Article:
Too many penalties were being blown and there were a couple of low points midway through the decade where a team that managed to draw the most penalties via whatever means possible would often triumph over more skilful and better drilled outfits.  

And if you’re already doing a mental checklist going back through the years to pick out the best one, you can put a line through any of the ones from 2006-10 where Melbourne tainted the premiership with their salary cap rorting.

The same applies to 2002 when the game was hurtling along nicely before the Bulldogs were sent from first to last because they had been cooking the books.

Scratch out the previous two seasons when Souths were kicked out for what turned out to be dubious legal reasons.

And of course, don’t mention the war, but the Super League saga means 1995, ‘96 and the split year of ‘97 are out of the equation.

Right now, rugby league is in a state of relative calm off the field, if there is such a thing for a sport which has often been likened to a soap opera, with even more unbelievable plot twists. 

Player behaviour will never be perfect but it’s a helluva lot better than a decade or two earlier where newspaper columnists would run “days since last atrocity” graphics, such were the frequency of what were usually described as alcohol-fuelled incidents. 

(Photo by Brendon Thorne/Getty Images)

Just as it can be the case in many professions, when you have young men making a lot of money with a lot of spare time on their hands, it can add up to trouble but to be fair to the clubs, they invest a lot of their resources into educating the players about the pitfalls of success but there’s only so much they can do.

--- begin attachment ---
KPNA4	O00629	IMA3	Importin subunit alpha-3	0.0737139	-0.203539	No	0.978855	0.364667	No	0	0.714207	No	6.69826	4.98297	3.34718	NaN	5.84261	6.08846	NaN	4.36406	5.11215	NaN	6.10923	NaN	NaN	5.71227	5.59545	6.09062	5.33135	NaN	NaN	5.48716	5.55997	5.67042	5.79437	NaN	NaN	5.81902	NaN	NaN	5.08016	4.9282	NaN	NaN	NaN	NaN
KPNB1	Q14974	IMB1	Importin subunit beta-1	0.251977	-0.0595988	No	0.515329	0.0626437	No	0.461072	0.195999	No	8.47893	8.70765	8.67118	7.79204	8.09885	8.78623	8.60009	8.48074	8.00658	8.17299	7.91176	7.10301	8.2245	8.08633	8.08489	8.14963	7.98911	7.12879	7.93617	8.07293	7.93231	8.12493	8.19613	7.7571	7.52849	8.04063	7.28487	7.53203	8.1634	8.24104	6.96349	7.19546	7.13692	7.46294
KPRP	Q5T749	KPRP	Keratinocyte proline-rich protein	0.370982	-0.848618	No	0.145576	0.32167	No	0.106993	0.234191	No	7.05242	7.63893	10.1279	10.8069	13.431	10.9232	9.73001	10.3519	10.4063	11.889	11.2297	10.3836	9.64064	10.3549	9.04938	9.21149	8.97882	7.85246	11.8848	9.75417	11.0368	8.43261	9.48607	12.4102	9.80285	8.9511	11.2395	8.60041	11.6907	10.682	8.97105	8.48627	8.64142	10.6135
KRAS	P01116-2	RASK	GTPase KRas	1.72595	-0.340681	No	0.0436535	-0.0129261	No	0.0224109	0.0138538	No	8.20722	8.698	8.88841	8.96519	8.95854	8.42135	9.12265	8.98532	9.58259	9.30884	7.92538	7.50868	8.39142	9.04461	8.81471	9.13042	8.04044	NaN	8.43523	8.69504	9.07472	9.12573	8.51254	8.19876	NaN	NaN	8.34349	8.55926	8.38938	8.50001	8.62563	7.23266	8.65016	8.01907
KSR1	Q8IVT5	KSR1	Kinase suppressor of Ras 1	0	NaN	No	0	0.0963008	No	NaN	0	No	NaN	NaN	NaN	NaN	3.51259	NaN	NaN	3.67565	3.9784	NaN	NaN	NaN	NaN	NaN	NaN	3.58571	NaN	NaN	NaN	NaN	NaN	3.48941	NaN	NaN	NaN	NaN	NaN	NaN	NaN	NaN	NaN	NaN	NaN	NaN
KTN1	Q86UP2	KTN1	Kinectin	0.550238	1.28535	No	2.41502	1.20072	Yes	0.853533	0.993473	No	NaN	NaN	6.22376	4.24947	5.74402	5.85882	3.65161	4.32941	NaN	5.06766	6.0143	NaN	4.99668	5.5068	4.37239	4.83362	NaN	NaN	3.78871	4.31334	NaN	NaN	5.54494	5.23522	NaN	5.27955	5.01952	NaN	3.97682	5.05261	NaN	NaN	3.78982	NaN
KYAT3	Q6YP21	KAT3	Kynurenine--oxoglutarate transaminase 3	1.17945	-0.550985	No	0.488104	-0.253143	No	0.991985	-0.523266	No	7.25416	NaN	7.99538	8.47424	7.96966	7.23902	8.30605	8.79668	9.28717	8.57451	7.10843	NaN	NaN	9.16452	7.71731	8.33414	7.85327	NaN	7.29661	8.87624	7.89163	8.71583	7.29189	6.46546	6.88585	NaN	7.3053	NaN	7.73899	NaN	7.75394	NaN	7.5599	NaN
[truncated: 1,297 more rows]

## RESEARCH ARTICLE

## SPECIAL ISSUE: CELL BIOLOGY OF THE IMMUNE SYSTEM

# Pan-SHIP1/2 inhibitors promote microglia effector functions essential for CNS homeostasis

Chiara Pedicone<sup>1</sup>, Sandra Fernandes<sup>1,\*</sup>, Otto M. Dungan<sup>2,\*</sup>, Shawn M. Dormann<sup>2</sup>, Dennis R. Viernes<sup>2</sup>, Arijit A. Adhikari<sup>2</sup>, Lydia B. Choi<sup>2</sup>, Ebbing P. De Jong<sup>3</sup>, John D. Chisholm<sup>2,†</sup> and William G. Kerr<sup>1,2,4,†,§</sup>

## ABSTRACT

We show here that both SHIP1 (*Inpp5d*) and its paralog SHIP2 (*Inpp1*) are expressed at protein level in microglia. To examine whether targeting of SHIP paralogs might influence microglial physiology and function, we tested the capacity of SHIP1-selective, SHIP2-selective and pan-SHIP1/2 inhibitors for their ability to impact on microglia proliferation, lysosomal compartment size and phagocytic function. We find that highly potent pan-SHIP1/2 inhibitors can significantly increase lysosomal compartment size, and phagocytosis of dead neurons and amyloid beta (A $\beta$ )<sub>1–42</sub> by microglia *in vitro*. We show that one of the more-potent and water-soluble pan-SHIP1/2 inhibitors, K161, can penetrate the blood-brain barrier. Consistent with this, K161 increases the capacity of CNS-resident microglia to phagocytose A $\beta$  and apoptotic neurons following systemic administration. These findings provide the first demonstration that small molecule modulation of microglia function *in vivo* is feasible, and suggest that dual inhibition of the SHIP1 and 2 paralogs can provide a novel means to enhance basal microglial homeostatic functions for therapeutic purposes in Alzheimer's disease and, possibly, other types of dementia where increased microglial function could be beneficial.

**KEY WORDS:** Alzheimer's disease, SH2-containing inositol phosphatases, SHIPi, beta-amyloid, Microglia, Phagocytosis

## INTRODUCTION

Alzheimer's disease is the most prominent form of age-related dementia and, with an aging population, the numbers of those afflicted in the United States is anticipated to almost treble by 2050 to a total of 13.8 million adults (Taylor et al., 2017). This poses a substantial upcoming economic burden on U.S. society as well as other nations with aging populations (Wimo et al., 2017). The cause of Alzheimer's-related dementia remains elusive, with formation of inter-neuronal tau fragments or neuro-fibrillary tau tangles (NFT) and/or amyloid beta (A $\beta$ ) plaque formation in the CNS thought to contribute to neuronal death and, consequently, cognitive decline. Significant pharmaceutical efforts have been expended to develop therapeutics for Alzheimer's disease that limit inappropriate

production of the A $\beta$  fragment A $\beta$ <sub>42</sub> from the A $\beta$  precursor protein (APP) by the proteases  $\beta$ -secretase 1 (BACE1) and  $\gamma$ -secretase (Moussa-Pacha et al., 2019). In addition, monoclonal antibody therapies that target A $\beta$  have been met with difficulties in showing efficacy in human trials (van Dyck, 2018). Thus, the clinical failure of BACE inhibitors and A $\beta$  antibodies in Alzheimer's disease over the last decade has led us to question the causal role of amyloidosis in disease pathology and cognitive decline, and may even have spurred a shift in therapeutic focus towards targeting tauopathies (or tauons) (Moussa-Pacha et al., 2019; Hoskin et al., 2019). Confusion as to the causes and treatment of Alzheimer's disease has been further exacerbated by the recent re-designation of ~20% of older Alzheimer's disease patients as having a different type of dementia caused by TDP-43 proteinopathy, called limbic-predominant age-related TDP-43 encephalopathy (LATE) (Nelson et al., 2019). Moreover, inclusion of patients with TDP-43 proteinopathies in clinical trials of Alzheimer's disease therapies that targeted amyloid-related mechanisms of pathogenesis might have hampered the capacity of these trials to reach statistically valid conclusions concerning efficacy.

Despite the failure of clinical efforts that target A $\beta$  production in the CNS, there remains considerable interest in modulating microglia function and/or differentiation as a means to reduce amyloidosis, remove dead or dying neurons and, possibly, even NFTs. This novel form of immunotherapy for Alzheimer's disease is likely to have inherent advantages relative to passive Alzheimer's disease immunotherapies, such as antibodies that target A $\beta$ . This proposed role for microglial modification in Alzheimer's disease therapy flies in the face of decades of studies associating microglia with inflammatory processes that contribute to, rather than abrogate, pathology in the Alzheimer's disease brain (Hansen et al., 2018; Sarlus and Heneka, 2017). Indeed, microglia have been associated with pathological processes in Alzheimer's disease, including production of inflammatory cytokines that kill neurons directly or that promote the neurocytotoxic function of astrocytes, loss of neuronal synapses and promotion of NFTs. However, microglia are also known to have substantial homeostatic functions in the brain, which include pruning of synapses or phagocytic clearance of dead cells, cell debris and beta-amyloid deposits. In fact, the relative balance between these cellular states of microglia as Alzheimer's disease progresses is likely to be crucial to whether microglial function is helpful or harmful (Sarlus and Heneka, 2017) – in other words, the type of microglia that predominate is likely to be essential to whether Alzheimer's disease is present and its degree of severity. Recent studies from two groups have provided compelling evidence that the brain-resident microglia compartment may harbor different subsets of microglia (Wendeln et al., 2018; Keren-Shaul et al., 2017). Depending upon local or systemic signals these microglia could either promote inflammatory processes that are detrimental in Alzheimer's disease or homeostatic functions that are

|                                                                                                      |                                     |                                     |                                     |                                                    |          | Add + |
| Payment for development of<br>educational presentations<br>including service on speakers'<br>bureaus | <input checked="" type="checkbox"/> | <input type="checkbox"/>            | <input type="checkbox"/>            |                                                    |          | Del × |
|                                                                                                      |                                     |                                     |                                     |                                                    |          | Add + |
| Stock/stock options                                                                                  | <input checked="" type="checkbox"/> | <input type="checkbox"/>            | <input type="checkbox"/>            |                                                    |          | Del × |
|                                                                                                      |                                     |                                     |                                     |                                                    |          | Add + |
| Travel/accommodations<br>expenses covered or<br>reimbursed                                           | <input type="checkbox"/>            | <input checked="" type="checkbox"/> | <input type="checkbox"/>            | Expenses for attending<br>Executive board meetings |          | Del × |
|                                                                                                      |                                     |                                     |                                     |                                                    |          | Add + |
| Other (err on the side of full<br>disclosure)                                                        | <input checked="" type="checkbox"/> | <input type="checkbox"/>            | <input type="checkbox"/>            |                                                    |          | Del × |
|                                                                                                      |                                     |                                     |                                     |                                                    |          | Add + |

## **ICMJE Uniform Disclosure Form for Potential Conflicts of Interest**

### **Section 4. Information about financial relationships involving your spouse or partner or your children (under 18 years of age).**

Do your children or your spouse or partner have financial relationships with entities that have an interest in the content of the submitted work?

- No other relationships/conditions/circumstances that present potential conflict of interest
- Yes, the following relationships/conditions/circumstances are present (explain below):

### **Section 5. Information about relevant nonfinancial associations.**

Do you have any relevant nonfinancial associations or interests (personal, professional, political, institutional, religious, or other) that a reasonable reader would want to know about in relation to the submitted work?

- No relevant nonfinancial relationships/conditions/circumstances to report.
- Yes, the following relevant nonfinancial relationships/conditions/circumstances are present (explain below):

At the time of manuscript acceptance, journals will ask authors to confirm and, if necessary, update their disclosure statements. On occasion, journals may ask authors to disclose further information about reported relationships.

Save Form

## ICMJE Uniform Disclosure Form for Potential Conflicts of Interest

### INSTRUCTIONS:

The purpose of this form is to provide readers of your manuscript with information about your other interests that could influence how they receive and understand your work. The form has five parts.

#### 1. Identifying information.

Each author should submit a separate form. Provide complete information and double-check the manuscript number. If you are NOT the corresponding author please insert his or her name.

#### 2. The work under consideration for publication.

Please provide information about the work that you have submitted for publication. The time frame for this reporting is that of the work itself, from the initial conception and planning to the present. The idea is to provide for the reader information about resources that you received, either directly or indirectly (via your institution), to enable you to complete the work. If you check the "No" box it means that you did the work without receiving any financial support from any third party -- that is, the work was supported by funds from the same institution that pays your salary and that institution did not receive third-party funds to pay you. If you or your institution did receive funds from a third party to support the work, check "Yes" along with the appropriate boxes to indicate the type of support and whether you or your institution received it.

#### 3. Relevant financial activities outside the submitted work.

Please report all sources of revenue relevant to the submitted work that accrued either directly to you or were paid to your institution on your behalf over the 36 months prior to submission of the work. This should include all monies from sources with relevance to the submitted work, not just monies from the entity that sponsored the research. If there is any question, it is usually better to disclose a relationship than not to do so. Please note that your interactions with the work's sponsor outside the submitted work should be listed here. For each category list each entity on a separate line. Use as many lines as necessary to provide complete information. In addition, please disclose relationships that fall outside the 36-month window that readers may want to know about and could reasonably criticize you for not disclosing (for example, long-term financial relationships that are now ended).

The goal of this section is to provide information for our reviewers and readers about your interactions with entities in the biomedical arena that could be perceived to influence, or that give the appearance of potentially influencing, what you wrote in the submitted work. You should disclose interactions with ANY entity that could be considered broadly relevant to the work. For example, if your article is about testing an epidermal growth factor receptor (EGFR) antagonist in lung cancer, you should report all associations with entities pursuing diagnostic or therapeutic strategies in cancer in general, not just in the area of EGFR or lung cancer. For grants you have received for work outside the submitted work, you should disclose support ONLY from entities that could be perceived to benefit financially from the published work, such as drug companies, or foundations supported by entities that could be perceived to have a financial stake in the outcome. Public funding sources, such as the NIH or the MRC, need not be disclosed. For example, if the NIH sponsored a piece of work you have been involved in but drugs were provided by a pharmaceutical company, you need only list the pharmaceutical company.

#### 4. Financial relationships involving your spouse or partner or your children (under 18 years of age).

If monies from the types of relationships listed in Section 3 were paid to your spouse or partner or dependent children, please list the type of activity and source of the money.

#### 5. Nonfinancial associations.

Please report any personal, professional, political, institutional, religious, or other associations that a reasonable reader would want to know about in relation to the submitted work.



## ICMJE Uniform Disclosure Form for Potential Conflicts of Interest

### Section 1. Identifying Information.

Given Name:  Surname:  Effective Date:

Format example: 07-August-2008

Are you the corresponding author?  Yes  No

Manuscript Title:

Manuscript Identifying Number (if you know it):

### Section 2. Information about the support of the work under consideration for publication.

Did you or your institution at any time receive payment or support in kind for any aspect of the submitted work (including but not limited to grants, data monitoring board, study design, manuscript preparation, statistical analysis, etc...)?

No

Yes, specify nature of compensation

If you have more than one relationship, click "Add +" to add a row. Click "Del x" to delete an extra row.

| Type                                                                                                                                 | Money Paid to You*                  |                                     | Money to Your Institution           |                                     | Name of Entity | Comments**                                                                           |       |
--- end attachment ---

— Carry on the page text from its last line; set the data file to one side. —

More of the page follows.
After the drudgery of last year’s CBA dispute, much of the focus in 2024 has been on the field and other perennial issues such as the threat of rugby union, AFL or cashed-up overseas franchises has never seemed less of a dilemma. 

The main issue facing the game off the field relates to what happens on it, with the more we learn about concussions bringing into sharp focus how hard it will be for rugby league to retain its gladiatorial spirit while moving with the times to ensure its participants aren’t exposed to unnecessary risk.

Taking the game to Las Vegas for a double-header to start the season did little to achieve the NRL’s goal of breaking into the US market but the novelty value led to bumper ratings and increased interest levels on the home front and undoubtedly there has been a halo effect from that bold venture.

In many ways, the 2024 season has been the best of times for the NRL. 

But as history has shown over the years, it can often be the calm before the storm when the NRL is travelling along nicely and then all of a sudden, there’s a salary cap scandal, a Super League split or a global pandemic that strikes when you least expect it.